Friday, December 10, 2010

Friday photo

Doublet Pool. Yellowstone National Park, November 2004.

Doublet Pool is one of the most attractive thermal features in the Upper Geyser Basin, if you find it - it's tucked away on Geyser Hill, across the Firehole River from the lodges, stores, and benches for viewing Old Faithful. I don't mean that it's really hidden away, but just that the folks who don't bother walking through the basin won't get to see it.

Doublet has been known to erupt slightly with a bit of bubbling, and on rare occasion even throw some water a couple feet in the air. Usually, though, it's just another of the steaming hot pools, with that clear blue (bacteria-free) water that the hottest pools have, and the red bacteria mats in the shallow areas where the water is merely warm and can sustain thermophilic life. It's called Doublet because there are two small pools connected by the narrow channel that you see in the photograph.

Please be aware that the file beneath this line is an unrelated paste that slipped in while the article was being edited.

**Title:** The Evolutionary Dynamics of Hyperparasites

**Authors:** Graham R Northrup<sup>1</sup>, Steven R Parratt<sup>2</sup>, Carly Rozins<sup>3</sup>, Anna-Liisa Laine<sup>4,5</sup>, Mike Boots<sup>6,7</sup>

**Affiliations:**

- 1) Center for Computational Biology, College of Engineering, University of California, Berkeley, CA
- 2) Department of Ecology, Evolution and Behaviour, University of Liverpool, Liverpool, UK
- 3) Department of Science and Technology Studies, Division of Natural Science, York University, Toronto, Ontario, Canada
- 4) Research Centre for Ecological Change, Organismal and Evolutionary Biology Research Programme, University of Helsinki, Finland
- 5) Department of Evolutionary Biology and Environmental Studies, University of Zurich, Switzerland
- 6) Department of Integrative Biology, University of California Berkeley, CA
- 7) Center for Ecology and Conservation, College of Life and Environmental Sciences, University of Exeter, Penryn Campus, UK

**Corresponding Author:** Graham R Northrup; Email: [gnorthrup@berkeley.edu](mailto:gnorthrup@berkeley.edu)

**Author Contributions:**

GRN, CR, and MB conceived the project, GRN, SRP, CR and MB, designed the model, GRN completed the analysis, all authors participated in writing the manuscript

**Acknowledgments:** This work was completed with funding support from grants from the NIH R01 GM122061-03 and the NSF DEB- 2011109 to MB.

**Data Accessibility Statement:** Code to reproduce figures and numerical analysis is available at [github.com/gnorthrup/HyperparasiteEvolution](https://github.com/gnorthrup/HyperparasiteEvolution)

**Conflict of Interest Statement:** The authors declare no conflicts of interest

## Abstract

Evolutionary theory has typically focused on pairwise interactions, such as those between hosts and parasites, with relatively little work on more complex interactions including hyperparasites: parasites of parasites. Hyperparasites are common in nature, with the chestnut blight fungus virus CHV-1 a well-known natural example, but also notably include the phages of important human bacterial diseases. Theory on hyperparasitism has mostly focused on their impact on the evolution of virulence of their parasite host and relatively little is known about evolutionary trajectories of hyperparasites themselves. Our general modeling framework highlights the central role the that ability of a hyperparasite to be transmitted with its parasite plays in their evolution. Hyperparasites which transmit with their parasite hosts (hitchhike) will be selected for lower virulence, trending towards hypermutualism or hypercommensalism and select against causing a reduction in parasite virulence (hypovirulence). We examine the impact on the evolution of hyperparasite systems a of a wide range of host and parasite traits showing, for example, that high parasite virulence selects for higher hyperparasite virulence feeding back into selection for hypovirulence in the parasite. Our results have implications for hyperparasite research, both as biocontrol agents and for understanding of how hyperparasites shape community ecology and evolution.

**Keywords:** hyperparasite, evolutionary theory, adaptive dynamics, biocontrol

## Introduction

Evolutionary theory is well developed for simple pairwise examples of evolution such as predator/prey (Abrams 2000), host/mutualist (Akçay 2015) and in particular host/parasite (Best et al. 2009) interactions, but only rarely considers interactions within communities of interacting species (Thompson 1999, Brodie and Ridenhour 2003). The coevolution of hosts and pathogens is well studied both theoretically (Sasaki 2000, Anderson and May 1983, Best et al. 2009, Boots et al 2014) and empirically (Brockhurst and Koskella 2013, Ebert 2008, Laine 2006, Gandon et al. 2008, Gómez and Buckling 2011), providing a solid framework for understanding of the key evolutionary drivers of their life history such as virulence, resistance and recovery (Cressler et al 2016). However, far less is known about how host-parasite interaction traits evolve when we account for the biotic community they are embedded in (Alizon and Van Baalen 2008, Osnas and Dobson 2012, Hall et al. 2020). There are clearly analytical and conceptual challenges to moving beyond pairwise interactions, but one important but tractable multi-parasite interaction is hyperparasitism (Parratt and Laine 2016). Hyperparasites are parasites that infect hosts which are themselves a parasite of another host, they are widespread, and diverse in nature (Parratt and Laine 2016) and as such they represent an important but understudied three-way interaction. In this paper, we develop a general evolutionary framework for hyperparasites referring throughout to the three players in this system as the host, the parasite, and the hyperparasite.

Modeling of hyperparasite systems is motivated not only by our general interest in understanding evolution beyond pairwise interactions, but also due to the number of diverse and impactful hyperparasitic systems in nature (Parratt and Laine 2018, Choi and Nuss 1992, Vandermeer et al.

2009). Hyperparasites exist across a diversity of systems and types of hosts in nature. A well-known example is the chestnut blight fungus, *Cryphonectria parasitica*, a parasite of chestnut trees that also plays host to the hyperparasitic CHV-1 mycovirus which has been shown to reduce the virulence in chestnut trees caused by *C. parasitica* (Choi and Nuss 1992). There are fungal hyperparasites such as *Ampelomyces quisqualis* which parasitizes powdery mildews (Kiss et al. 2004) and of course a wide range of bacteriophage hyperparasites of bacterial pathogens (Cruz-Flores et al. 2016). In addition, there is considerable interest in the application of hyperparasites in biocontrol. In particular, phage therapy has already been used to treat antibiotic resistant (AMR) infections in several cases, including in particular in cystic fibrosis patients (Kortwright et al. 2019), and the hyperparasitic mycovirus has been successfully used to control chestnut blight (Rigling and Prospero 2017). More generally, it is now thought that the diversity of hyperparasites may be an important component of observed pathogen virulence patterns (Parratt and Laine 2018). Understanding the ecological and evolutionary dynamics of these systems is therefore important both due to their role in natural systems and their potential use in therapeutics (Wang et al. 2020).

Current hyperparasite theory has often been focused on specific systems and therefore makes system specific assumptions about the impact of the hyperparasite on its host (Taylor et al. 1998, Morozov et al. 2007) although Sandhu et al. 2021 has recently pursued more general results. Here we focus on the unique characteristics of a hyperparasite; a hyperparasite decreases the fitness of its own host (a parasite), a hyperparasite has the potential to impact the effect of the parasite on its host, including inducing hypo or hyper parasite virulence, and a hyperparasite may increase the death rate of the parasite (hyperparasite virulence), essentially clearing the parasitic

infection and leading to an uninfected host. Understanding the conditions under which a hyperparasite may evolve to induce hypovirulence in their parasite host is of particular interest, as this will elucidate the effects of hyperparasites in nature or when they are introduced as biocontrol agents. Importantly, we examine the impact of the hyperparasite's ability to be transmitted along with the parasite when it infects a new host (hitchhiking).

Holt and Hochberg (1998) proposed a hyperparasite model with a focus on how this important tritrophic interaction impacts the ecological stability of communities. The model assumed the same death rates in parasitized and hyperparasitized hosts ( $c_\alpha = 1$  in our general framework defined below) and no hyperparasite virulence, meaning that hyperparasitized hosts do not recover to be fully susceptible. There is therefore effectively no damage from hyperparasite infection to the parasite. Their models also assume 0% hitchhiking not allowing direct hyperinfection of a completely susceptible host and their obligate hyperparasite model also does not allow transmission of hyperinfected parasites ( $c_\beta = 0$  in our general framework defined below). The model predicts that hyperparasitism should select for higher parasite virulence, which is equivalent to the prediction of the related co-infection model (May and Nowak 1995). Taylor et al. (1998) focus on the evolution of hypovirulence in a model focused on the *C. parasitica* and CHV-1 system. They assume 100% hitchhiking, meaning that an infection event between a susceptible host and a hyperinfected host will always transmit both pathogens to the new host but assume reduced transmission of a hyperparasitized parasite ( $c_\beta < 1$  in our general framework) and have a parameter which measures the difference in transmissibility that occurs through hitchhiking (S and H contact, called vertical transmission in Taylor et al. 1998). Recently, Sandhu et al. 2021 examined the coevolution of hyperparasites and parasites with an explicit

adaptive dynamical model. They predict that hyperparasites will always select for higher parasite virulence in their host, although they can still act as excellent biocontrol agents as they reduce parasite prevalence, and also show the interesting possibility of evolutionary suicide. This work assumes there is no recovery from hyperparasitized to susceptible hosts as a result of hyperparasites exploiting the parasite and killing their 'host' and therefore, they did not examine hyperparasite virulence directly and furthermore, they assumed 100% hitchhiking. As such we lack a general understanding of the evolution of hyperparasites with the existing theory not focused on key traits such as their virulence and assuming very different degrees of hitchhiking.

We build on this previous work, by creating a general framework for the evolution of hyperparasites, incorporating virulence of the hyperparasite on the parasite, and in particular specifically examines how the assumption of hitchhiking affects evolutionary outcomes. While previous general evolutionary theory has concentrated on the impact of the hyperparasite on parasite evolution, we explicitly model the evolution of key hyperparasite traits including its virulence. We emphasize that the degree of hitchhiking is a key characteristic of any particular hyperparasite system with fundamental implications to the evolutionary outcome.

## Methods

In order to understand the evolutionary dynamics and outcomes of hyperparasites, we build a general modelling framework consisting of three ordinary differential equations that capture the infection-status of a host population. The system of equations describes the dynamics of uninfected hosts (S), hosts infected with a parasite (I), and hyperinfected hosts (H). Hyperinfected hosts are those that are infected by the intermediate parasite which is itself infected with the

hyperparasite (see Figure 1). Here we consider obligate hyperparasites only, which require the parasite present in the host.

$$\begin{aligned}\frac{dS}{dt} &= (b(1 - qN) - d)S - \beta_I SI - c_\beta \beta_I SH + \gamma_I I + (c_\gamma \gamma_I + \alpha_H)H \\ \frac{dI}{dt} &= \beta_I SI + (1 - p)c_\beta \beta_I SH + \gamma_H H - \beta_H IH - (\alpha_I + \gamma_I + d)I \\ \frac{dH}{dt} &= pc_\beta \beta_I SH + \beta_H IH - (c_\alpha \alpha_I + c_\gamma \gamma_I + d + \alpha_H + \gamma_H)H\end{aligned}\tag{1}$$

I don't entirely understand how the scalloped edges form. Silica is precipitating out of the water, slowly building up the mass on the sides of the pool. But why the round scallops? There's no sign of water draining into the pool and cutting channels; those would look like gullies instead of scallops, anyway. My best guess is that the edges begin jagged and random, but as the silica accumulates, it does so at equal distances around any pointed surface (recall that a circle is defined as the set of points equidistant from a given point). The tendency would be to grow the rounded scallops out from the edges of the wall and ever farther into the pool; pointy edges can't help being a passing phase. Or maybe there's some entirely different reason for that shape.

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